Baba and Nyonya - Cultural Anthropology

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Peranakan Chinese and Baba-Nyonya are terms used for the descendants of late 15th and 16th-century Chinese immigrants to the Indonesian archipelago of Nusantara during the Colonial era. Members of this community in Melaka address themselves as "Nyonya Baba" instead of "Baba-Nyonya". Nyonya is the term for the ladies and Baba for the gentlemen. It applies especially to the ethnic Chinese populations of the British Straits Settlements of Malaya and the Dutch-controlled island of Java and other locations, who have adopted partially or in full Nusantara customs to be somewhat assimilated into the local communities. They were the elites of Singapore, more loyal to the British than to China. Most have lived for generations along thestraits of Malacca and not all intermarried with the local Native Indonesians and Malays. They were usually traders, the middleman of the British and the Chinese, or the Chinese and Malays, or vice versa because they were mostly English educated. Because of this, they almost always had the ability to speak two or more languages. In later generations, some lost the ability to speak Chinese as they became assimilated to the Malay Peninsula's culture and started to speak Malay fluently as a first or second language.

Most Peranakans are of Hoklo (Hokkien) ancestry, although a sizable number are of Teochew or Cantonese descent. Originally, the Peranakan were mixed-race descendants, part Chinese, part Malay/Indonesian. Baba Nyonya are a subgroup within Chinese communities, are the descendants of Sino-indigenous unions in Melaka, Penang, and Indonesia. It was not uncommon for early Chinese traders to take Malay/Indonesian women of Peninsular Malay/Sumatera/Javanese as wives or concubines Consequently the Baba Nyonya possessed a mix of cultural traits. Written records from the 19th and early 20th centuries show that Peranakan men usually took brides from within the local Peranakan community. Peranakan families occasionally imported brides from China and sent their daughters to China to find husbands.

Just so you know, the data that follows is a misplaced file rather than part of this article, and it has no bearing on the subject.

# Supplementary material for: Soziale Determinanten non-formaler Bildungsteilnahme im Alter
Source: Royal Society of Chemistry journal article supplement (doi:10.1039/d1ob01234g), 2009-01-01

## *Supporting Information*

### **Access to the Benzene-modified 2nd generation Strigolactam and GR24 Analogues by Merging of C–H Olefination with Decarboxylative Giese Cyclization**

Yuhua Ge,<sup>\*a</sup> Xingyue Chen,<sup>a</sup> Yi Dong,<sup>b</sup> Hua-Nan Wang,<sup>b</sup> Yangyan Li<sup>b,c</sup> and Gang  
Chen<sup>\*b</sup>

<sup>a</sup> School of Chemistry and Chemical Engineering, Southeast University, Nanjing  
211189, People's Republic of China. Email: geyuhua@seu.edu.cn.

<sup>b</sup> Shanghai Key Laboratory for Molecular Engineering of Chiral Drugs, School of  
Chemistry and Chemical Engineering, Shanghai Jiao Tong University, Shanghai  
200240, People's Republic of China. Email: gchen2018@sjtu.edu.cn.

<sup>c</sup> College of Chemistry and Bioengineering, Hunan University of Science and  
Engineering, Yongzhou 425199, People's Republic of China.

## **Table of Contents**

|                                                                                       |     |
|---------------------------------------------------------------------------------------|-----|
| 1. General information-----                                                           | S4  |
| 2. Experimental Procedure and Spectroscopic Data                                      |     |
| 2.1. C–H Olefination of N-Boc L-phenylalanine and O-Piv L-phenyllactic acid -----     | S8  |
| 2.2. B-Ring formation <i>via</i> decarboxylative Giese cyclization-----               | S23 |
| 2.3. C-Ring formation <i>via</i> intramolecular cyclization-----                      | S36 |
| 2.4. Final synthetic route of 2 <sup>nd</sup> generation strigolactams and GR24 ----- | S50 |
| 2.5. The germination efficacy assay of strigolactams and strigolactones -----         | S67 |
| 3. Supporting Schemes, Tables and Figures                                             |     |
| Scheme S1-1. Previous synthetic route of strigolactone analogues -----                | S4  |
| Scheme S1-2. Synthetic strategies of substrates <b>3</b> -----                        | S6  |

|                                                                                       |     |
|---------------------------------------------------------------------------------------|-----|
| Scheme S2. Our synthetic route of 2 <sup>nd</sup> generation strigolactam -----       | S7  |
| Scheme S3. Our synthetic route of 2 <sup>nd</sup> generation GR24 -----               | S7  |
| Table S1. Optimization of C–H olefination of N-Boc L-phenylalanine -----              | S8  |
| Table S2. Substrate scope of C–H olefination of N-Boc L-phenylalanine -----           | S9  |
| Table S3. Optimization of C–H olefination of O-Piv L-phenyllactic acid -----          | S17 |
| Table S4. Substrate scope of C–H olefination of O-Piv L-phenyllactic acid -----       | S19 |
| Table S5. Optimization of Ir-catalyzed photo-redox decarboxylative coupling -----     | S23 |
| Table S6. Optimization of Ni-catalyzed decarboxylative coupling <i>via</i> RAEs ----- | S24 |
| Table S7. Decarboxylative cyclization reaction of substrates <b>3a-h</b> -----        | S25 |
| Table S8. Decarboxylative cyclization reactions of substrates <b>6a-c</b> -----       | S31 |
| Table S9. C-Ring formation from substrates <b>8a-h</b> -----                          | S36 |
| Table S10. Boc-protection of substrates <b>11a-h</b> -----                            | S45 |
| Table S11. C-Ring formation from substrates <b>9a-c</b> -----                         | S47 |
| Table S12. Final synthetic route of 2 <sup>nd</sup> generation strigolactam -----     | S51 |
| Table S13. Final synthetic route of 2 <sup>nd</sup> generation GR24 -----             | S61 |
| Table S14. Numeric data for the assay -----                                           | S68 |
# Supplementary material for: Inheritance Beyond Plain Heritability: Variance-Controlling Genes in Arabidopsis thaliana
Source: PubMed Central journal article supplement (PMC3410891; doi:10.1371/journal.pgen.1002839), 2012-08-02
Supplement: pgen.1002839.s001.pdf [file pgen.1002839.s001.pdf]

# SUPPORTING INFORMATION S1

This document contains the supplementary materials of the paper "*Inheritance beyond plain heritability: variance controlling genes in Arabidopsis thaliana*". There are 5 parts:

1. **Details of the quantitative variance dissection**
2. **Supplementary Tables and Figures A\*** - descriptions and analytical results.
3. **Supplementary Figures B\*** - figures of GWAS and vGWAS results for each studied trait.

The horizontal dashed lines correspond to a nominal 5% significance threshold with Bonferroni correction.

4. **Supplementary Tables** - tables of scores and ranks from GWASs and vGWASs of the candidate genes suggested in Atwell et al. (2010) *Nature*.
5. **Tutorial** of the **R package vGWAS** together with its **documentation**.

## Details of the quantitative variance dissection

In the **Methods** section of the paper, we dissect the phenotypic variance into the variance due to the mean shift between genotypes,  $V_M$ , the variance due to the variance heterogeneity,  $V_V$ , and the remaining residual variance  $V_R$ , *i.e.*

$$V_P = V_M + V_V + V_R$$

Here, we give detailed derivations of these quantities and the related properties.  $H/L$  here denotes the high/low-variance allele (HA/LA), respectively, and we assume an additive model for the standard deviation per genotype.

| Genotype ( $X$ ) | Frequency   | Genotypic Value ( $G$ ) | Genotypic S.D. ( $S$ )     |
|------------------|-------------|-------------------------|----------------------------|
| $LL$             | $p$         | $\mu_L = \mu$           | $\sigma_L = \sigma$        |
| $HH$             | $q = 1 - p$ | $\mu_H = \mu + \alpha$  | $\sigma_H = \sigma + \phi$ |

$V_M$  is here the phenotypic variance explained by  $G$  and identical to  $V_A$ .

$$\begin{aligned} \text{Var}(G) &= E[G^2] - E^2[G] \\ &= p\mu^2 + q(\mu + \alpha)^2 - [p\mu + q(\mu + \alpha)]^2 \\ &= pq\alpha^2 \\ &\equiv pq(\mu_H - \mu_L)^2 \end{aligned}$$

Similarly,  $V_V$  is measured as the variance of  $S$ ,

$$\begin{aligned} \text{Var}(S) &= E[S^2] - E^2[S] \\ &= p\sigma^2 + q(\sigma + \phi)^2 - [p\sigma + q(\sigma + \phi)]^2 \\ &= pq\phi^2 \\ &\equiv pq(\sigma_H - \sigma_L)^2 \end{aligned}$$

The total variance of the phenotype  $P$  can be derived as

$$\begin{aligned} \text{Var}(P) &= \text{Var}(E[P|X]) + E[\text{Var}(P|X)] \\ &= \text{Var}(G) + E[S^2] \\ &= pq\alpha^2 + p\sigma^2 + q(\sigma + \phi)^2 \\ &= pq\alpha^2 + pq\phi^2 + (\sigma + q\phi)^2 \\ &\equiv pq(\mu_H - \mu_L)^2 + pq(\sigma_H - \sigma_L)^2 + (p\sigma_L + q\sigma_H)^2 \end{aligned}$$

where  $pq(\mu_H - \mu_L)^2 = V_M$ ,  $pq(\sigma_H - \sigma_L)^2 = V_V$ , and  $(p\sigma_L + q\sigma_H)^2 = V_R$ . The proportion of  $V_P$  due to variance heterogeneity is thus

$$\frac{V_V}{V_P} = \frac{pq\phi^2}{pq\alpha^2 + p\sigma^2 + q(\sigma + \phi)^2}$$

In the 15th century, some small city-states of the Malay Peninsula often paid tribute to various kingdoms such as those of China and Siam. Close relations with China were established in the early 15th century during the reign of Parameswara when Admiral Zheng He (Cheng Ho), a Muslim Chinese, visited Malacca and Java. According to a legend in 1459 CE, the Emperor of China sent a princess, Hang Li Po, to the Sultan of Malacca as a token of appreciation for his tribute. The nobles (500 sons of ministers) and servants who accompanied the princess initially settled in Bukit Cina and eventually grew into a class of Straits-born Chinese known as the Peranakans. Due to economic hardships at mainland China, waves of immigrants from China settled in Malaysia, Indonesia and Singapore. Some of them embraced the local customs, while still retaining some degree of their ancestral culture; they are known as the Peranakans. Peranakans normally have a certain degree of indigenous blood, which can be attributed to the fact that during imperial China, most immigrants were men who married local women. Peranakans at Tangerang, Indonesia, held such a high degree of indigenous blood that they are almost physically indistinguishable from the local population. Peranakans at Indonesia can vary between very fair to copper tan in color.

Peranakans themselves later on migrated between Malaysia, Indonesia and Singapore, which resulted in a high degree of cultural similarity between Peranakans in those countries. Economic / educational reasons normally propel the migration between of Peranakans between the Nusantara region (Malaysia, Indonesia and Singapore), their creole language is very close to the indigenous languages of those countries, which makes adaptations a lot easier. For political reasons Peranakans and other Nusantara Chinese are grouped as a one racial group, Chinese, with Chinese in Singapore and Malaysia becoming more...
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